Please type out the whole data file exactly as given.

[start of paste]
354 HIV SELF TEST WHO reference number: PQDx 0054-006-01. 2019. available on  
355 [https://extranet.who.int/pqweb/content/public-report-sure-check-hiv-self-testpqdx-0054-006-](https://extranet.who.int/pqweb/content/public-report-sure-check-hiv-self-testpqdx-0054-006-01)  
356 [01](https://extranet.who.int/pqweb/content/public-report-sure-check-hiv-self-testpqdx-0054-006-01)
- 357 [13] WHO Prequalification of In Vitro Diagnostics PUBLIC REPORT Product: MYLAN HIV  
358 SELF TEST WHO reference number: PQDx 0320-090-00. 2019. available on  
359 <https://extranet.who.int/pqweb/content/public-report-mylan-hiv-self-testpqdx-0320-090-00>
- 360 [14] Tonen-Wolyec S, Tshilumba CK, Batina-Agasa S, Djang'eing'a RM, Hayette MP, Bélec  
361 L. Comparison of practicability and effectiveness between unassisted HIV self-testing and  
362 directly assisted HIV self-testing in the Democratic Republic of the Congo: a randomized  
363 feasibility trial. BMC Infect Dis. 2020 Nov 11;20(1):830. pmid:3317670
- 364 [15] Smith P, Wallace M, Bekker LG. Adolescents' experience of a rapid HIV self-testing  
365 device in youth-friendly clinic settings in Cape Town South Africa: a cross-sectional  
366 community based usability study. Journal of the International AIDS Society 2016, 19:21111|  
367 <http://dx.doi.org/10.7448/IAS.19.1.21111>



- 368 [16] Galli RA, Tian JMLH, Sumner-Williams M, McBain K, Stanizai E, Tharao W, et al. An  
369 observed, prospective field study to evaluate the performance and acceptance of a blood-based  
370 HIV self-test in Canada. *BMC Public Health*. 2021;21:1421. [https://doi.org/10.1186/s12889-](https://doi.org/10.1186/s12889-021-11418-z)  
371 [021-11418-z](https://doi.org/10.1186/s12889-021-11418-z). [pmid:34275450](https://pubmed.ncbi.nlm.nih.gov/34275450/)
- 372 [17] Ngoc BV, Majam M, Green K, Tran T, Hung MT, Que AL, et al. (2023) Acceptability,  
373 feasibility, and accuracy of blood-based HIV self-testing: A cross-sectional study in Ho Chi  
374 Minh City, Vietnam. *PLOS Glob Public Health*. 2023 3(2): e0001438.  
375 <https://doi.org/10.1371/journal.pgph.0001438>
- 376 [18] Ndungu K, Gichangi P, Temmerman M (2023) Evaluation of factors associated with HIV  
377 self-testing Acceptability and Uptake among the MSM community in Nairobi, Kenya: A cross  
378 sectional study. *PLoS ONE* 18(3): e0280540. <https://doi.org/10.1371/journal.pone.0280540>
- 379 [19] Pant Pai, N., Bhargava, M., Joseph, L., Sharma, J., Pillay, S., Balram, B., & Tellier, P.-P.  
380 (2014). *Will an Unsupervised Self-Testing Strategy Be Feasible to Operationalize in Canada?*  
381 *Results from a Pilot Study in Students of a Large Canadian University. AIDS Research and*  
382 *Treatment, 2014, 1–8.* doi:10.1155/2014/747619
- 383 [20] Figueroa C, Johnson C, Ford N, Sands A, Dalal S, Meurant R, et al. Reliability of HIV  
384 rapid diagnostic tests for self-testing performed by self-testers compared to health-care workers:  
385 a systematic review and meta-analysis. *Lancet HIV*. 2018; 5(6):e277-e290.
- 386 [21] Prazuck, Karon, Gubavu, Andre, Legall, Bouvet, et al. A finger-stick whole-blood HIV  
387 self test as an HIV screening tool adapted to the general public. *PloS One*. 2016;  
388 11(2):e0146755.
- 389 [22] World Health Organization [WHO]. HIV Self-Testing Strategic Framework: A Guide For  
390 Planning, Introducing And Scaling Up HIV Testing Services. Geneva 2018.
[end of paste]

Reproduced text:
354 HIV SELF TEST WHO reference number: PQDx 0054-006-01. 2019. available on  
355 [https://extranet.who.int/pqweb/content/public-report-sure-check-hiv-self-testpqdx-0054-006-](https://extranet.who.int/pqweb/content/public-report-sure-check-hiv-self-testpqdx-0054-006-01)  
356 [01](https://extranet.who.int/pqweb/content/public-report-sure-check-hiv-self-testpqdx-0054-006-01)
- 357 [13] WHO Prequalification of In Vitro Diagnostics PUBLIC REPORT Product: MYLAN HIV  
358 SELF TEST WHO reference number: PQDx 0320-090-00. 2019. available on  
359 <https://extranet.who.int/pqweb/content/public-report-mylan-hiv-self-testpqdx-0320-090-00>
- 360 [14] Tonen-Wolyec S, Tshilumba CK, Batina-Agasa S, Djang'eing'a RM, Hayette MP, Bélec  
361 L. Comparison of practicability and effectiveness between unassisted HIV self-testing and  
362 directly assisted HIV self-testing in the Democratic Republic of the Congo: a randomized  
363 feasibility trial. BMC Infect Dis. 2020 Nov 11;20(1):830. pmid:3317670
- 364 [15] Smith P, Wallace M, Bekker LG. Adolescents' experience of a rapid HIV self-testing  
365 device in youth-friendly clinic settings in Cape Town South Africa: a cross-sectional  
366 community based usability study. Journal of the International AIDS Society 2016, 19:21111|  
367 <http://dx.doi.org/10.7448/IAS.19.1.21111>



- 368 [16] Galli RA, Tian JMLH, Sumner-Williams M, McBain K, Stanizai E, Tharao W, et al. An  
369 observed, prospective field study to evaluate the performance and acceptance of a blood-based  
370 HIV self-test in Canada. *BMC Public Health*. 2021;21:1421. [https://doi.org/10.1186/s12889-](https://doi.org/10.1186/s12889-021-11418-z)  
371 [021-11418-z](https://doi.org/10.1186/s12889-021-11418-z). [pmid:34275450](https://pubmed.ncbi.nlm.nih.gov/34275450/)
- 372 [17] Ngoc BV, Majam M, Green K, Tran T, Hung MT, Que AL, et al. (2023) Acceptability,  
373 feasibility, and accuracy of blood-based HIV self-testing: A cross-sectional study in Ho Chi  
374 Minh City, Vietnam. *PLOS Glob Public Health*. 2023 3(2): e0001438.  
375 <https://doi.org/10.1371/journal.pgph.0001438>
- 376 [18] Ndungu K, Gichangi P, Temmerman M (2023) Evaluation of factors associated with HIV  
377 self-testing Acceptability and Uptake among the MSM community in Nairobi, Kenya: A cross  
378 sectional study. *PLoS ONE* 18(3): e0280540. <https://doi.org/10.1371/journal.pone.0280540>
- 379 [19] Pant Pai, N., Bhargava, M., Joseph, L., Sharma, J., Pillay, S., Balram, B., & Tellier, P.-P.  
380 (2014). *Will an Unsupervised Self-Testing Strategy Be Feasible to Operationalize in Canada?*  
381 *Results from a Pilot Study in Students of a Large Canadian University. AIDS Research and*  
382 *Treatment, 2014, 1–8.* doi:10.1155/2014/747619
- 383 [20] Figueroa C, Johnson C, Ford N, Sands A, Dalal S, Meurant R, et al. Reliability of HIV  
384 rapid diagnostic tests for self-testing performed by self-testers compared to health-care workers:  
385 a systematic review and meta-analysis. *Lancet HIV*. 2018; 5(6):e277-e290.
- 386 [21] Prazuck, Karon, Gubavu, Andre, Legall, Bouvet, et al. A finger-stick whole-blood HIV  
387 self test as an HIV screening tool adapted to the general public. *PloS One*. 2016;  
388 11(2):e0146755.
- 389 [22] World Health Organization [WHO]. HIV Self-Testing Strategic Framework: A Guide For  
390 Planning, Introducing And Scaling Up HIV Testing Services. Geneva 2018.